Equally important to the size of wire and number of twists, is the direction the safety wire is run from the fastener to the anchor point. The safety wire should be threaded through the object fastener such that it creates tension in the opposite direction of the fastener's removal. For example, if a standard automotive bolt in the U.S. is being secured, then the safety wire when installed should put tension on the bolt in a clockwise direction, since that is the direction that the bolt turns to tighten.
When drilling a fastener, the choice of where to drill it depends on the type of fastener and to what it will be wired. The alternative to drilling holes in fasteners is to use safety wire tabs (see Safety Wire Tabs section below), or to purchase pre-drilled fasteners.
Safety wire is commonly .020, .025, .032 or .041 inches in diameter, but .021 and .051 are also available, and usually made of stainless steel, but is also available in monel and inconel alloys for high temperature applications and copper for break-away applications. For consumer applications, it is typically sold in 1 pound spools enclosed in a small cardboard or plastic canister.
Safety wire pliers
Safety wire pliers come in three common sizes: 6, 9, or 12 inch(also called 7, 10, 13 inch, respectively, for manufacturers who choose to include the knob at the end of the pliers, which is used to actuate the twisting of the pliers, in the measurement). Safety wire pliers work as follows: The technician grabs the two loose ends of the wire to be twisted in the end of the pliers; he then locks the handles of the pliers closed, which secures the loosed wire ends in the jaws; he then grabs the knob at the end the pliers, releases the main body of the pliers, and pulls back on the knob which causes the pliers to twist. The wire then twists. When the wire has been twisted sufficiently, the technician holds the pliers, releases the knob, and squeezes the handles of the pliers to release the locking mechanism, which loosens the jaws, thereby releasing the twisted wires. He then proceeds to the next fastener in the series or uses the plier's built-in wire cutters to trim off the excess wires. The final step is the push down the sharp end of the secured safety wire to eliminate any hazard from the sharp edge left from the excess being cut off.
In addition to built-in wire cutters, some safety wire pliers feature an angled or diagonal tip to their jaws which allows easier grabbing of wire. The angled tip is also useful for pushing down the sharp clipped end of the secured safety wire. Some models have a feature that catches the excess wire that is cut off. This consists of a pair of rubber pillows located in the depression aft of the cutting blades.
Safety wire pliers also vary in the direction of their rotation when the twisting knob is pulled, with some pliers rotating clockwise, some rotating counter-clockwise (often called Right-Hand Twist and Left-Hand or Reversing Twist), and yet others have a selector function to allow the user to twist the wire in either direction without switching tools. The pliers can also be purchased with the option of the twisting knob returning to its position automatically or manually.
Safety wire twisters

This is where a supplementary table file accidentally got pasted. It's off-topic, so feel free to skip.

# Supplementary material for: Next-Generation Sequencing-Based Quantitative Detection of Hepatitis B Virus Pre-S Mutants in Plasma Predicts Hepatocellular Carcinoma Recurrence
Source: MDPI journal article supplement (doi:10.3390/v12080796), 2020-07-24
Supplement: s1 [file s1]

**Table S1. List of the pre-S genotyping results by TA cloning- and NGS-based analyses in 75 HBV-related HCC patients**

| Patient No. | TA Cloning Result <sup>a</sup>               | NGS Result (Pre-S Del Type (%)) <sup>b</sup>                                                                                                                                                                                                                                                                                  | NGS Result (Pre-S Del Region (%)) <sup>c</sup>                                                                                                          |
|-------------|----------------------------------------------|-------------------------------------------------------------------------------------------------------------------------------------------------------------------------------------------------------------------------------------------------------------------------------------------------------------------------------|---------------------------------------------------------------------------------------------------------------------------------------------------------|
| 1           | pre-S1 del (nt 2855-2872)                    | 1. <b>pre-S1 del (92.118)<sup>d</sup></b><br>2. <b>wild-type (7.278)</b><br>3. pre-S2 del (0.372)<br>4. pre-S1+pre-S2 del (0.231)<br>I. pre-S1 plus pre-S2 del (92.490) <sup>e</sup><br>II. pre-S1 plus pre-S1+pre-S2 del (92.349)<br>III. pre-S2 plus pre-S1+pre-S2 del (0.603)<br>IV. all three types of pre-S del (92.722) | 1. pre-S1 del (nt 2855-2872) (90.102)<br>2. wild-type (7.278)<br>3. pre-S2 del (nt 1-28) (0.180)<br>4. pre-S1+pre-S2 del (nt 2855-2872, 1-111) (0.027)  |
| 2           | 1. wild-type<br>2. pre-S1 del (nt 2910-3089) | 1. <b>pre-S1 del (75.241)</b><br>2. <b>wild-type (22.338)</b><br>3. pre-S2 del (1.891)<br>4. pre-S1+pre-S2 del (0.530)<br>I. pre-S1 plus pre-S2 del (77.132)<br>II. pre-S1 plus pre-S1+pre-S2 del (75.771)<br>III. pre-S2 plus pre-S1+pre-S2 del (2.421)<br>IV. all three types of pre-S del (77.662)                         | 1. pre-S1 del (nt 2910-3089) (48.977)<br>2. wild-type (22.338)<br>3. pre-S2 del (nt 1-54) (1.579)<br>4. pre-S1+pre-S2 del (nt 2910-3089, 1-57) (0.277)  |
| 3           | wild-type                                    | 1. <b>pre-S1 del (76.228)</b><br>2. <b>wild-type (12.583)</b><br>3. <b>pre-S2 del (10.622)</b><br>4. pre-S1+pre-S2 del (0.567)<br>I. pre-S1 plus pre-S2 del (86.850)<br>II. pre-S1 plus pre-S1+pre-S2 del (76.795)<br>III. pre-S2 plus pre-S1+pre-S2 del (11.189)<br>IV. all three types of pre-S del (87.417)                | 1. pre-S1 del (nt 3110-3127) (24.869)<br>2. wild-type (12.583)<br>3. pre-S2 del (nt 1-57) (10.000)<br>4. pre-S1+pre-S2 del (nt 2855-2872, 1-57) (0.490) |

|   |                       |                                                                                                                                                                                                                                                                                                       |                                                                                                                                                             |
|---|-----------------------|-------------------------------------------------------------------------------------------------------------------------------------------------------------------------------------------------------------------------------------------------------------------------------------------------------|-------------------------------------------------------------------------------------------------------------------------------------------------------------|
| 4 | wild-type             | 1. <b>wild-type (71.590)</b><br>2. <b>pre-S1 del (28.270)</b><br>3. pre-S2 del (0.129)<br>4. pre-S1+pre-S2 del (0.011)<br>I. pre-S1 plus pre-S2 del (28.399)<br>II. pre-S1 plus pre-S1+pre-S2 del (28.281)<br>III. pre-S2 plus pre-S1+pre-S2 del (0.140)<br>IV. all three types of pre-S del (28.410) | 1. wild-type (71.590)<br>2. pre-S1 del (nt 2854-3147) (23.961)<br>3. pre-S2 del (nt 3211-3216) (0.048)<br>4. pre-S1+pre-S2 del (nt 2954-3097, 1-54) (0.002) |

A safety wire twister is a simple tool that allows the user to grip the two loose ends of a piece of safety wire and then, while holding the main barrel of the tool, turn the end that is not gripping the wire (which is bent to create a simple cranking mechanism) in order to twist the safety wire.
There is another type of basic safety wire twister which is similar to a standard screwdriver, except that the tip has a small grasping mechanism to hold the ends of the wire while the technician turns the handle to twist the wire. The advantage to this tool is its long and thin design, which can access hard-to-reach areas where one's hands or pliers do not fit. It is commonly referred to as a "pignose" due to its snout-like appearance.
Safety wire tabs
Safety wire tabs are washers that are used to secure fasteners by transferring the force of the safety wire to the head of the fastener to be secured. They are installed just like any other washer, after which the sides of the tab are bent up to make contact with the sides of the head of the fastener. One side of the tab is longer than the other with a small hole at the top, through which safety wire is threaded. Once the Safety Wire is properly installed, the sides of the tab transfer the force of the safety wire to the fastener, as though the fastener itself had been drilled and had the safety wire run though it.
The advantage of safety wire tabs is that the fastener to be secured does not need to be drilled, which can be advantageous for fasteners that should not or cannot be drilled because of size or damage concerns. They can also be useful when a fastener needs to be replaced, the replacement is not already drilled, and circumstances do not afford the time or tools to properly prepare the replacement fastener. The disadvantages are that it adds extra distance between the head of the fastener and the surface to which it is to be secured, and it is not as secure as securing the wire directly to the fastener itself as the tab could be a point of failure if it somehow unbends or the hole breaks (which is more likely than the hole in a drilled fastener failing due to the thinness and malleability of the material from which it is made).